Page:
Over 1,000 years ago, Native Americans used another first magnitude spring, the Gainer Springs group that flow into the Econfina River. “Econfina”, or “natural bridge” in the local native language, got its name from a limestone arch that crossed the creek at the mouth of the spring. General Andrew Jackson and his Army reportedly used the natural bridge on their way west exploring North America. In 1821, one of Jackson’s surveyors, William Gainer, returned to the area and established a homestead. Hence, the naming of the waters as Gainer Springs.
Three major springs flow at 124.6 million gallons of water per day from Gainer Springs Group, some of which is bottled by Culligan Water today. Most of the springs along the Econfina maintain a temperature of 70-71°F year-round. If you are in search of something cooler, you may want to try Ponce de Leon Springs or Morrison Springs which flows between 6.46 and 64.6 million gallons a day. They both stay around 67.8°F. Springs are very cool, clear water with such an importance to all living thing; needing appreciation and protection.
Having just completed the Okaloosa/Walton Uplands Master Naturalist course, I would like to share information from the project that was presented by Ann Foley.
The Florida Torreya. Photo provided by Shelia Dunning
The Florida Torreya is the most endangered tree in North America, and perhaps the world! Less than 1% of the historical population survives. Unless something is done soon, it may disappear entirely! You can see them on public lands in Florida at Apalachicola Bluffs and Ravines Preserve and beautiful Torreya State Park.
The Florida Torreya (Torreya taxifolia) is one of the oldest known tree species on earth; 160 million years old. It was originally an Appalachian Mountains ranged tree. As a result of our last “Ice Age” melt, retreating Icebergs pushed ground from the Northern Hemisphere, bringing the Florida Torreya and many other northern plant species with them.
The Florida Torreya was “left behind” in its current native pocket refuge, a short 40 mile stretch along the banks of the Apalachicola River. There were estimates of 600,000 to 1,000,000 of these trees in the 1800’s. Torreya State Park, named for this special tree, is currently home to about 600 of them. Barely thriving, this tree prefers a shady habitat with dark, moist, sandy loam of limestone origin which the park has to offer.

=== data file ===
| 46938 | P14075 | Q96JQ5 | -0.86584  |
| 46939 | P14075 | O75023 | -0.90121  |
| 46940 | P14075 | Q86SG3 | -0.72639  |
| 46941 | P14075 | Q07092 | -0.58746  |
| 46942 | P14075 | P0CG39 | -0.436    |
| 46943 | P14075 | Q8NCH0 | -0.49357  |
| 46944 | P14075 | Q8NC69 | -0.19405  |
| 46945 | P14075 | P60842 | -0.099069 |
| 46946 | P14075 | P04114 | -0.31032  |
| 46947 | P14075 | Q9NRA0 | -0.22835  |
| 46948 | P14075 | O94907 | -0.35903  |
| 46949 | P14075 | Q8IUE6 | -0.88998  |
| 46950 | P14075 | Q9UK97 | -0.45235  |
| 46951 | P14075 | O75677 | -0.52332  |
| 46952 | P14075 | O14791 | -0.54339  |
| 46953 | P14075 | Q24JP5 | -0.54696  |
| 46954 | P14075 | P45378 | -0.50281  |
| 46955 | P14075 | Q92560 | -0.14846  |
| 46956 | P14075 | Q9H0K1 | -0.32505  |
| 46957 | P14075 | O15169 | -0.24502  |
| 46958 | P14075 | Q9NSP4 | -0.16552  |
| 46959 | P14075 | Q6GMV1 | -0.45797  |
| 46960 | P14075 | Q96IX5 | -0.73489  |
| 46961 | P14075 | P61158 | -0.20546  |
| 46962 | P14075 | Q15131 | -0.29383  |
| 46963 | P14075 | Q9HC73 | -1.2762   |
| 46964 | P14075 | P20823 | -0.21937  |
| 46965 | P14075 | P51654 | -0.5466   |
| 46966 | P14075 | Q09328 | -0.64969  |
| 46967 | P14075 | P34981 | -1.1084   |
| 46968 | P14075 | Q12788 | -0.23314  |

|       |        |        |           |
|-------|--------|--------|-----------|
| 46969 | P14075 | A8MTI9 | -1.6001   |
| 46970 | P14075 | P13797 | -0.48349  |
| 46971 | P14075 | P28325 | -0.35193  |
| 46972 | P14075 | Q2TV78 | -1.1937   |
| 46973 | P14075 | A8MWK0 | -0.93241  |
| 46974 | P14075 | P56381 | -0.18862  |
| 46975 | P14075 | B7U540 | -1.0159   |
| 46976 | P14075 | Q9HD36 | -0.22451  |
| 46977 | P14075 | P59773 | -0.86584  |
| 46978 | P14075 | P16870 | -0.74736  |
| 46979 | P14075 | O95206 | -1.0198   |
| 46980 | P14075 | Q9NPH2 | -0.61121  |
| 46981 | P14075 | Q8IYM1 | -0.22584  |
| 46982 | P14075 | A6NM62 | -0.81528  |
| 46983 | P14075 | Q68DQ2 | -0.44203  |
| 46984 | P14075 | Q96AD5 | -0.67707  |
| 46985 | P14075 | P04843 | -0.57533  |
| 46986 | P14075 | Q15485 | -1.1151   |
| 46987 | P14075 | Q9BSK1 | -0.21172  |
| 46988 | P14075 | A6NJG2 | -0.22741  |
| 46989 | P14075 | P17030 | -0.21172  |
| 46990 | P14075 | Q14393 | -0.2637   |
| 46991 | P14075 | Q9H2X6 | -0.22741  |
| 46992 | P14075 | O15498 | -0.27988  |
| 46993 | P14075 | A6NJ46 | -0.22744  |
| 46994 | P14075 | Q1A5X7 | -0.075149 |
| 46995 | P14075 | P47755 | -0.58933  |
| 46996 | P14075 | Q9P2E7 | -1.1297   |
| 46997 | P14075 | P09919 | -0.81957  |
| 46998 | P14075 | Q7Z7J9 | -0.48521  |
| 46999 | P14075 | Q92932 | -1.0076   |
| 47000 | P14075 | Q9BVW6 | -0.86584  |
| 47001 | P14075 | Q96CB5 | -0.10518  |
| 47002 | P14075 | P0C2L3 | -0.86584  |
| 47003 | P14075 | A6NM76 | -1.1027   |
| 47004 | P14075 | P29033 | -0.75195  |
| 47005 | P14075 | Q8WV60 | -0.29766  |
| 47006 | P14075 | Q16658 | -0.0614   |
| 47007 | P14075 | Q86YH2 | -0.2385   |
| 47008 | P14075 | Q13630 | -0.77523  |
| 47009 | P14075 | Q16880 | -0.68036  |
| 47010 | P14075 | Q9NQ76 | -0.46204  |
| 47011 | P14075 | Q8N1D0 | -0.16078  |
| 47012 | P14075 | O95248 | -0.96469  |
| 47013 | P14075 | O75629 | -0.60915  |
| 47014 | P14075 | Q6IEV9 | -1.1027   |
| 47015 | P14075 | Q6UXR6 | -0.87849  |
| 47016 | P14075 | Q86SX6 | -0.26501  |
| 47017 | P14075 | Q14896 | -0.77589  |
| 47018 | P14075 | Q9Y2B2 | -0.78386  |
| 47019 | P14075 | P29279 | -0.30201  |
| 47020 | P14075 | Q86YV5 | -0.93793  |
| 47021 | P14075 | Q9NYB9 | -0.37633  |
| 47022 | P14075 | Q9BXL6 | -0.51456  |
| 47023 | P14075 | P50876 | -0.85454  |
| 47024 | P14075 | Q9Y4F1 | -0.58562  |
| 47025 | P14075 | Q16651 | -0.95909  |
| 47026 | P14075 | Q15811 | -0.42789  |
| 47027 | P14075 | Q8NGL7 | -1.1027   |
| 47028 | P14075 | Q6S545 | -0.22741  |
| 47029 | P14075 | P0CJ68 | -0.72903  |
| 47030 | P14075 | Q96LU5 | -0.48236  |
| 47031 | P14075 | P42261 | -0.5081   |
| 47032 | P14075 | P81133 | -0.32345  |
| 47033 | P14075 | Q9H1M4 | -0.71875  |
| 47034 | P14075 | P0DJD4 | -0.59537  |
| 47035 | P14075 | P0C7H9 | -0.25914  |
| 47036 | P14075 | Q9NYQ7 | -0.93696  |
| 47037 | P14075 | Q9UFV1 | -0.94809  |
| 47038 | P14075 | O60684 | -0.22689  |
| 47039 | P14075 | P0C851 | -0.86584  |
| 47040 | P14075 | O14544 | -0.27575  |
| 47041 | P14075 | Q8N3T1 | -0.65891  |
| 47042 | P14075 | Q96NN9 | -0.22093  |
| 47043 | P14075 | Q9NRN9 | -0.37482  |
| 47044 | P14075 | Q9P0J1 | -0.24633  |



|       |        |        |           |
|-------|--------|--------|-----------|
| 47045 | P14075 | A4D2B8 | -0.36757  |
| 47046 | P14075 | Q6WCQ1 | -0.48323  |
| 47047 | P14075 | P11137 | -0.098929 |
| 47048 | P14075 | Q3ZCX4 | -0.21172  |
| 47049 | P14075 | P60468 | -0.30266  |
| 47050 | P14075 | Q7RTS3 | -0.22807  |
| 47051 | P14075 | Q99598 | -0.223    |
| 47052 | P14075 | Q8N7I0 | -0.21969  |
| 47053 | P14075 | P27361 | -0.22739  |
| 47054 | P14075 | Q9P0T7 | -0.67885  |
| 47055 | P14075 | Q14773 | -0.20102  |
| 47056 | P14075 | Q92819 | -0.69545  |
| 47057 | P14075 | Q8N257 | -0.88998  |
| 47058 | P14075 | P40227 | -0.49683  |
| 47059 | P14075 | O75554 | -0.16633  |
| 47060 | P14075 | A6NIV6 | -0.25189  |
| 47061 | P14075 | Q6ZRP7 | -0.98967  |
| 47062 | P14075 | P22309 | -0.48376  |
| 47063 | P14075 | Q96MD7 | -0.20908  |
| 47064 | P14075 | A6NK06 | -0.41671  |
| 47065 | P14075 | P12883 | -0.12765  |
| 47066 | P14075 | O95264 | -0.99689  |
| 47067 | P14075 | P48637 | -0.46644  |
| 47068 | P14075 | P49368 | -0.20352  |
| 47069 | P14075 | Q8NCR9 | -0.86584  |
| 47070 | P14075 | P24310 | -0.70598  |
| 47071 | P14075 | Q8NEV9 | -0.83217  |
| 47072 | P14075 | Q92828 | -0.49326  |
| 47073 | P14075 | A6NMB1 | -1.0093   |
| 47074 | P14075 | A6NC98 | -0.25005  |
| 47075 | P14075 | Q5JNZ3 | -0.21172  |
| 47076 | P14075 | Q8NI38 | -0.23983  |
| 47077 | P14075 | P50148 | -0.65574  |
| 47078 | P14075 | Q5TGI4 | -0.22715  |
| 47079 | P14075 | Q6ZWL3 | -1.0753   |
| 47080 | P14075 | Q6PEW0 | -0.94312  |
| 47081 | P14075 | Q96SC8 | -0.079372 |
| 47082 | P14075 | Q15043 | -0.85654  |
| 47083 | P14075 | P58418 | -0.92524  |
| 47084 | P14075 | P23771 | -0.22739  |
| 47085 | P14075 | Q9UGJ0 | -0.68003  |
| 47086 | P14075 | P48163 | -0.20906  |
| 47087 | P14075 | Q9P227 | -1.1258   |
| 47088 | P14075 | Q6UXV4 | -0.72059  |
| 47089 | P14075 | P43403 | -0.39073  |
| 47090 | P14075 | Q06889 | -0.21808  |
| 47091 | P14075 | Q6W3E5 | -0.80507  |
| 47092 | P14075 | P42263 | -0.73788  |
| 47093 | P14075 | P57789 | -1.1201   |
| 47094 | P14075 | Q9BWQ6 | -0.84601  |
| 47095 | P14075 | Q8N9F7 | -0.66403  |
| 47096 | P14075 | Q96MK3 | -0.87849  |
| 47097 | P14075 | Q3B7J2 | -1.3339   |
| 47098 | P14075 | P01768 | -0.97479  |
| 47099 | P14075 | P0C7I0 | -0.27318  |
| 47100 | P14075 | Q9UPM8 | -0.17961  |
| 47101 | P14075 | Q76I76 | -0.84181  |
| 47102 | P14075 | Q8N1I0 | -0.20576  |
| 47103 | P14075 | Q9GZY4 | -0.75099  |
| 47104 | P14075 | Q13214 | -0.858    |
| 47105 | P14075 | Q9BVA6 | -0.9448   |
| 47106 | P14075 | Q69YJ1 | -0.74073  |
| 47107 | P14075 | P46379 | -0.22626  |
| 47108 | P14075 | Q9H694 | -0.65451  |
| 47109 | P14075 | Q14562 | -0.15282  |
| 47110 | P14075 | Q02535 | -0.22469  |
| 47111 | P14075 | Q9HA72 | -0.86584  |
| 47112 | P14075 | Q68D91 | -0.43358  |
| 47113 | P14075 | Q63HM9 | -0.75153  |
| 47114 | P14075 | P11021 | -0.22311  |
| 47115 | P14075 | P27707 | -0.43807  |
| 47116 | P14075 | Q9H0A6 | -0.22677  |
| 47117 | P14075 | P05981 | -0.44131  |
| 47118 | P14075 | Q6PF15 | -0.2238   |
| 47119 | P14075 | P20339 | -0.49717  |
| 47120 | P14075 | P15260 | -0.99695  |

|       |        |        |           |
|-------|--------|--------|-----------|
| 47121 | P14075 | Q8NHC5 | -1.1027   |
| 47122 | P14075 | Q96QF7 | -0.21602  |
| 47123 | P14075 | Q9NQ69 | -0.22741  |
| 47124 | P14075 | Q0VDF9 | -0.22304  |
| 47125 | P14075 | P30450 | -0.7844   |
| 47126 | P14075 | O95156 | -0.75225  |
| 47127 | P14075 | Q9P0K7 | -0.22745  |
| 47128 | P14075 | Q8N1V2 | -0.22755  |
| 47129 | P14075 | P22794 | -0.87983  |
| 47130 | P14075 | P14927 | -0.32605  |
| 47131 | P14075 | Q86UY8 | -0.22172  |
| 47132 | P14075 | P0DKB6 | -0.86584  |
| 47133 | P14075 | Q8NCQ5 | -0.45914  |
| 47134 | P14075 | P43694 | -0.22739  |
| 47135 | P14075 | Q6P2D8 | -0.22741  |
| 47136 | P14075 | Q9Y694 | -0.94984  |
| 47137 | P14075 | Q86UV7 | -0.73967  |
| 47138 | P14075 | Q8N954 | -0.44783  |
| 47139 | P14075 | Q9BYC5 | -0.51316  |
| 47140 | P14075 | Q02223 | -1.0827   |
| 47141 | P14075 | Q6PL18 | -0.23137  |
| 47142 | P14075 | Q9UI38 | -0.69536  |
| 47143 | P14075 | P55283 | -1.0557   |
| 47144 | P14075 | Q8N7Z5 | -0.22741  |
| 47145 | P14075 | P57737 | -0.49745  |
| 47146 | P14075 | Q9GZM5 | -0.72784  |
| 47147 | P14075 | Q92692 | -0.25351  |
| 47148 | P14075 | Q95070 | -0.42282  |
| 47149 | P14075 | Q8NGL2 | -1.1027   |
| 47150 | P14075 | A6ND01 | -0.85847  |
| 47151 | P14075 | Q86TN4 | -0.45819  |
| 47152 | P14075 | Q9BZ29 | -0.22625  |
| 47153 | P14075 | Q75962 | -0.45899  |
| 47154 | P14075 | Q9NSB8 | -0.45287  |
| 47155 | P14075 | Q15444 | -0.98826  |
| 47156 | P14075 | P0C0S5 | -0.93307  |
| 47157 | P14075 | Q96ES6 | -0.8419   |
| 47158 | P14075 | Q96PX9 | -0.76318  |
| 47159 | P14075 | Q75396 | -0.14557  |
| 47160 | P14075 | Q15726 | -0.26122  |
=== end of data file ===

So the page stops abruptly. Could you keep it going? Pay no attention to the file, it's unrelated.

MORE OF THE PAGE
Hardy Bryan Croom, Botanist, discovered the tree in 1833, along the bluffs and ravines of Jackson, Liberty and Gadsen Counties, Florida and Decatur County in Georgia. He named it Florida Torreya (TOR-ee-uh), in honor of Dr. John Torrey, a renowned 18th century scientist.
Torreya trees are evergreen conifers, conically shaped, have whorled branches and stiff, sharp pointed, dark green needle-like leaves. Scientists noted the Torreya’s decline as far back as the 1950’s! Mature tree heights were once noted at 60 feet, but today’s trees are immature specimens of 3-6 feet, thought to be ‘root/stump sprouts.’
Known locally as “Stinking Cedar,” due to its strong smell when the leaves and cones are crushed, it was used for fence posts, cabinets, roof shingles, Christmas trees and riverboat fuel. Over-harvesting in the past and natural processes are taking a tremendous toll. Fungi are attacking weakened trees, causing the critically endangered species to die-off. Other declining factors include: drought, habitat loss, deer and loss of reproductive capability.
With federal and state protection, the Florida Torreya was listed as an endangered species in 1983. There is great concern for this ancient tree in scientific community and with citizen organizations. Efforts are underway to help bring this tree back from the edge of extinction!
Efforts include CRISPR gene editing technology research being done by the University of Florida Dept. of Forest Resources and Conservation- making the tree more resistant to disease. Torreya Guardians “rewilding and “assisted migration”. Reintroducing the tree to it’s former native range in the north near the Biltmore Estate in Asheville, NC, which has maintained a grove of Torreya trees and offspring since 1939 and supplying seeds for propagation from their healthy forest. Long before saving the earth became a global concern, Dr. Seuss (Theodor Seuss Geisel), spoke through his character the Lorax warning against urban progress and the danger it posed to the earth’s natural beauty. All of these groups, and many others, hope their efforts will collectively help bring this tree back from the brink!
Lantana is a landscape plant that easily escapes cultivation and spreads. Photo Credit: Jennifer Bearden
You know that plant in the corner of the yard that seems to be taking over? It’s the one that your friend “passed along” because they had plenty of them and wanted to share. After all, it grows so well. How can you go wrong?